Collectively, these value shifts suggest that the central point of control for some consumers may be moving from internal (i.e., a focus on the self) to external (i.e., a focus on others’ well-being). It’s a change that makes sense, given that what is best for all of us right now (e.g., staying home) also benefits us personally as individuals. Our desire to make decisions that give us happiness and enjoyment and our ability to be independent and do what’s best for our individual interests naturally need to take a back seat.

Speaking to and Acting on Consumers’ Values

With nearly a third of all-American adults re-thinking their values in this unprecedented time, it’s more important than ever that brands understand this shift and alter their messaging and strategy accordingly. Now that consumers are becoming more sensitive to how their values translate to their actions, marketing that is aligned with newly important values is more likely to cut through the clutter and successfully connect the brand to the consumer. We’ve already seen several strong examples of brands pivoting in this regard:

Coca-Cola: A brand that’s traditionally been synonymous with Pleasure, Coca-Cola has recognized that now is not the time to appeal to this value of declining importance with so many Americans today. Instead, the company is wisely tapping into the increasing importance of Safety, Security, and Duty with messages like, “Staying apart is the best way to stay united.”

Uber: Meanwhile, rideshare service Uber has shifted its previous messaging strategy, which focused on heightening a person’s sense of Influence and Achievement, to one that better reflects the new reality of personal values. The company is taking the long view on its brand at a time when its very business model is being challenged, and it’s acknowledging that with messaging like, “A company that moves people is asking you not to move. Together we can stop this.”

Patagonia: Meanwhile, brands like Patagonia are going beyond mere messaging to demonstrate their commitment to their key communities — their customers and employees. The core ethos of the Patagonia brand revolves around the values of Nature (i.e., working against threats to the planet and people) and Equality (i.e., social justice and protecting society’s weak and vulnerable). Thus, unlike Coca-Cola and Uber, Patagonia’s response is squarely in line with its existing core values. Examples include continuing to pay employees despite store closures and expanding offerings in its Patagonia Provisions line at a time when grocery stores are under tremendous pressure to keep their supply chains intact.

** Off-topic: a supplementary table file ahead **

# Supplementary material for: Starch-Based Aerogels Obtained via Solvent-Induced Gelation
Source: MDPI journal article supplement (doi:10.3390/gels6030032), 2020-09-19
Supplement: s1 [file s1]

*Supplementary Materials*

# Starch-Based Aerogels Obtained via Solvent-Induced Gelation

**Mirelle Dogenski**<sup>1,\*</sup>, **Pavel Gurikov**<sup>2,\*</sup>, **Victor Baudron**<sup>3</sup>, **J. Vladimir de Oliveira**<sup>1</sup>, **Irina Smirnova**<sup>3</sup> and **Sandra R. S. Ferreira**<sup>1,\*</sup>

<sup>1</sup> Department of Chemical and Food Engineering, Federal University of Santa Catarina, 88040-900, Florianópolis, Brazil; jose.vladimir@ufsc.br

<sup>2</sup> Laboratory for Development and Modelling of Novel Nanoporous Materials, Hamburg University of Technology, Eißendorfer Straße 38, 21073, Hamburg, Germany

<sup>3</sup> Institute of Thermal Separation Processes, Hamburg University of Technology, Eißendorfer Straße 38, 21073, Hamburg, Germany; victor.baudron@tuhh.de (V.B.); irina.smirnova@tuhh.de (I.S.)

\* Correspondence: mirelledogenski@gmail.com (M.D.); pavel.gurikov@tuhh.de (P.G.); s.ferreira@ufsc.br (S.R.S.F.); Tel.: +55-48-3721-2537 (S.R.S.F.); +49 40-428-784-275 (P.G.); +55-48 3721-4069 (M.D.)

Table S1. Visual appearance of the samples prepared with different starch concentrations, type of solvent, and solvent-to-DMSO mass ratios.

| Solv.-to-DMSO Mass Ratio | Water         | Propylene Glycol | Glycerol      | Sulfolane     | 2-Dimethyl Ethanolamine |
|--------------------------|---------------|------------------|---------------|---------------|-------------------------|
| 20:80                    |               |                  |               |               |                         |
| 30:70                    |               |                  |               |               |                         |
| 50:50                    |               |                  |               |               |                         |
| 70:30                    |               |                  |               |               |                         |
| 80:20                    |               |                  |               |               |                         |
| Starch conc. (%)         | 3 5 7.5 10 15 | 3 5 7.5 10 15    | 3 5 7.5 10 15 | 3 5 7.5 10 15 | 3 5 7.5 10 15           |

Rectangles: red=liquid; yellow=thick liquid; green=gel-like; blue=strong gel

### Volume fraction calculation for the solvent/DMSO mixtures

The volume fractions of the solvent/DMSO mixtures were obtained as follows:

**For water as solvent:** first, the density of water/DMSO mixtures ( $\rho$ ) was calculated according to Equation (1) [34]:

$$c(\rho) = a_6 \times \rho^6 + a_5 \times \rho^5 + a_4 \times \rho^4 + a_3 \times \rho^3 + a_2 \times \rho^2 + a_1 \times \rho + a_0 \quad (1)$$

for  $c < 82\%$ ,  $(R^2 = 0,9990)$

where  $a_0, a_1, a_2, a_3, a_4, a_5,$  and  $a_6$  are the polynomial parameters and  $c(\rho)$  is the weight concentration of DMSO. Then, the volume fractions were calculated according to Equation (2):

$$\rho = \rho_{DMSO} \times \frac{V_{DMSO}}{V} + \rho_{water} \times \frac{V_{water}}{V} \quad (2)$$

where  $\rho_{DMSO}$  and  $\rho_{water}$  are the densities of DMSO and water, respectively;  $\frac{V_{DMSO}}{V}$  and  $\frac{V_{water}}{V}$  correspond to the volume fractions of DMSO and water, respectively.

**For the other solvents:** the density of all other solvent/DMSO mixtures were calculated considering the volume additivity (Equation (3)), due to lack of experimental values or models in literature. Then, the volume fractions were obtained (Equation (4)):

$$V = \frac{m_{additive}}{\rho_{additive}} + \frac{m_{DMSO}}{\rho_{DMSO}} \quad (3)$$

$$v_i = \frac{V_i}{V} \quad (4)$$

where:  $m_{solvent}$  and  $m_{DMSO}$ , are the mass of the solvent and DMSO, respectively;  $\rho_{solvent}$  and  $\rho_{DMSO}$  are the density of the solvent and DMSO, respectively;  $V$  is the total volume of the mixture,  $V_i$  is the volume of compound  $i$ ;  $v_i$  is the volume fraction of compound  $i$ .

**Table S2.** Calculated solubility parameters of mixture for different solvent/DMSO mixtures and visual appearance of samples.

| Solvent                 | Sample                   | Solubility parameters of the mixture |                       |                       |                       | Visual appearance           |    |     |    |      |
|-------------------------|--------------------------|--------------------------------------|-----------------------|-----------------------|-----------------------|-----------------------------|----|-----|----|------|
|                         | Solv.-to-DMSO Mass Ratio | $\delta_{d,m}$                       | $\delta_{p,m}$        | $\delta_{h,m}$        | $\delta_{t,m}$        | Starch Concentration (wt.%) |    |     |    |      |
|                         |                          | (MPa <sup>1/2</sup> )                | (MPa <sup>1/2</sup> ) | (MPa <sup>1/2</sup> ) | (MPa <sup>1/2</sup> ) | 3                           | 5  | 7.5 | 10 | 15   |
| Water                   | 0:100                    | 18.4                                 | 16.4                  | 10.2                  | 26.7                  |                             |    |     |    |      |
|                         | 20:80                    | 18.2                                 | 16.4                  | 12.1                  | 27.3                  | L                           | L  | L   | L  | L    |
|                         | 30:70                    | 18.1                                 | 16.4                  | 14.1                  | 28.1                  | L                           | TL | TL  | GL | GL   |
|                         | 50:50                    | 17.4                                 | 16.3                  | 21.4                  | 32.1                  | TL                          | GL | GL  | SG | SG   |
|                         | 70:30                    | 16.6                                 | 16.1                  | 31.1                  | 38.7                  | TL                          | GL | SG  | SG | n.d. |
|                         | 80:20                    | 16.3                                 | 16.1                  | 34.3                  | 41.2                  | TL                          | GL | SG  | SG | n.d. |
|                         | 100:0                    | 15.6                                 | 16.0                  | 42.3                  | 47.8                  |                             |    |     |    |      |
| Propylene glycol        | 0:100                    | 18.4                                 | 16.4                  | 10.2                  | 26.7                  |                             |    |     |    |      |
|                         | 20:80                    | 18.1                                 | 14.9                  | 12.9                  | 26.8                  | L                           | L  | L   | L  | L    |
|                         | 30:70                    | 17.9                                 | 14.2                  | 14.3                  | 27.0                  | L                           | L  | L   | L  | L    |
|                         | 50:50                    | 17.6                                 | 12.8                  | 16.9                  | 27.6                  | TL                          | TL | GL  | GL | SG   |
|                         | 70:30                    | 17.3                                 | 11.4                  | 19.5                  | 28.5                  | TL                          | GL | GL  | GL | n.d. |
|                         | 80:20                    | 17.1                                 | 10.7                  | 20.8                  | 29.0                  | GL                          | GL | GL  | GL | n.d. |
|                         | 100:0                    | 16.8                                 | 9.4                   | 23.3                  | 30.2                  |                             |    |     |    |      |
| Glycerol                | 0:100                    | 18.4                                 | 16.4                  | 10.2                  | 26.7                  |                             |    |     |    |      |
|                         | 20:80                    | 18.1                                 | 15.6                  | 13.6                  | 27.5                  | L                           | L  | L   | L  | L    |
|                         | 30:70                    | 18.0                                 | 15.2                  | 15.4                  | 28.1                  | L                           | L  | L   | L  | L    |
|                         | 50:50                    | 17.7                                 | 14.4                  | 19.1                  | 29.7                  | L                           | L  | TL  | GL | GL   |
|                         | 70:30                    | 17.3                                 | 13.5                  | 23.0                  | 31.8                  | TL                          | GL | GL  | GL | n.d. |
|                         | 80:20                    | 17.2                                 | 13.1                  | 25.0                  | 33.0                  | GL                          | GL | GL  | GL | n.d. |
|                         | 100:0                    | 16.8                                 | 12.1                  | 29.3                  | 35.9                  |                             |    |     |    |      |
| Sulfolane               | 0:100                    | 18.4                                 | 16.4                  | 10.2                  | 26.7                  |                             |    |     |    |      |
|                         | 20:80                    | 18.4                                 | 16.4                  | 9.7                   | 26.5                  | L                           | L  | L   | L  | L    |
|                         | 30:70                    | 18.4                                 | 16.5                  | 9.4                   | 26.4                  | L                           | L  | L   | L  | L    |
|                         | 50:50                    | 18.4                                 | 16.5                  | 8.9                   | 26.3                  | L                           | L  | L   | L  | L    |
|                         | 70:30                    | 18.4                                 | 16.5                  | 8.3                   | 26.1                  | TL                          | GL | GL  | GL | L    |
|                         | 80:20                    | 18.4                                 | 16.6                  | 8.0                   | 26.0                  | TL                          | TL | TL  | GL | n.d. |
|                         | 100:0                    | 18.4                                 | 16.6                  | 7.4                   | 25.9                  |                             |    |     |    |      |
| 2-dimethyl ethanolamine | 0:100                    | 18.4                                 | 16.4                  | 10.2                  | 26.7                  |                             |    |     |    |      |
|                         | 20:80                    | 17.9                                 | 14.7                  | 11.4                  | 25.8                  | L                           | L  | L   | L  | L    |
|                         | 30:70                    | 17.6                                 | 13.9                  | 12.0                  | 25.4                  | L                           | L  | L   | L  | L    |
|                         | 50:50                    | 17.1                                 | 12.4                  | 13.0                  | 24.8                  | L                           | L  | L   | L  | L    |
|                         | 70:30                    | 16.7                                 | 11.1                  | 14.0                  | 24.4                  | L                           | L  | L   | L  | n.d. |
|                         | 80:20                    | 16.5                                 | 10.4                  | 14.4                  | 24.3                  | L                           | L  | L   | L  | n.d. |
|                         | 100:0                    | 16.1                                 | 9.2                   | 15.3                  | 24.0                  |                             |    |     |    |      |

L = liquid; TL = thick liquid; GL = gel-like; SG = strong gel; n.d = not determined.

The above are strong examples of brands pivoting to stay relevant amid changing consumer values. But by no means are their journeys—or those of any brand, for that matter—at an end. As local and state economies begin reopening in the coming months, marketers must keep their fingers on the pulse of consumer values and sentiments.

In many cases, the core values that a brand’s customers had aren’t gone, but they’ve been suppressed by more important values for the moment. We don’t know whether they will fully return to their previous importance after the COVID-19 pandemic ends, or if we will see fundamental changes in what remains important to consumers once this crisis ends.

From one month to the next, what we thought was the reality of consumers and the marketplace can change. If your sources of consumer intelligence are more than 6-8 weeks old, you’re missing insights into the shifts happening now. There are major audience swings occurring, and brands need to stay on top of them.

Above all, empathy is vital. Empathy can bridge the gap with your consumer in challenging times. When you demonstrate that you know your consumer, it creates a foundation for empathy to become more authentic and enduring, even as values shift in times of heightening (and waning) crisis. Whether the values of your brand’s customers have permanently shifted, or whether they return to their historical norms, what’s important right now is that you stay focused on how they’re evolving and where they land when your customers believe we’ve returned to “normal.” Your ability to speak to your customers’ values, even as they shift, will be crucial to your ultimate success.

Andy Hunn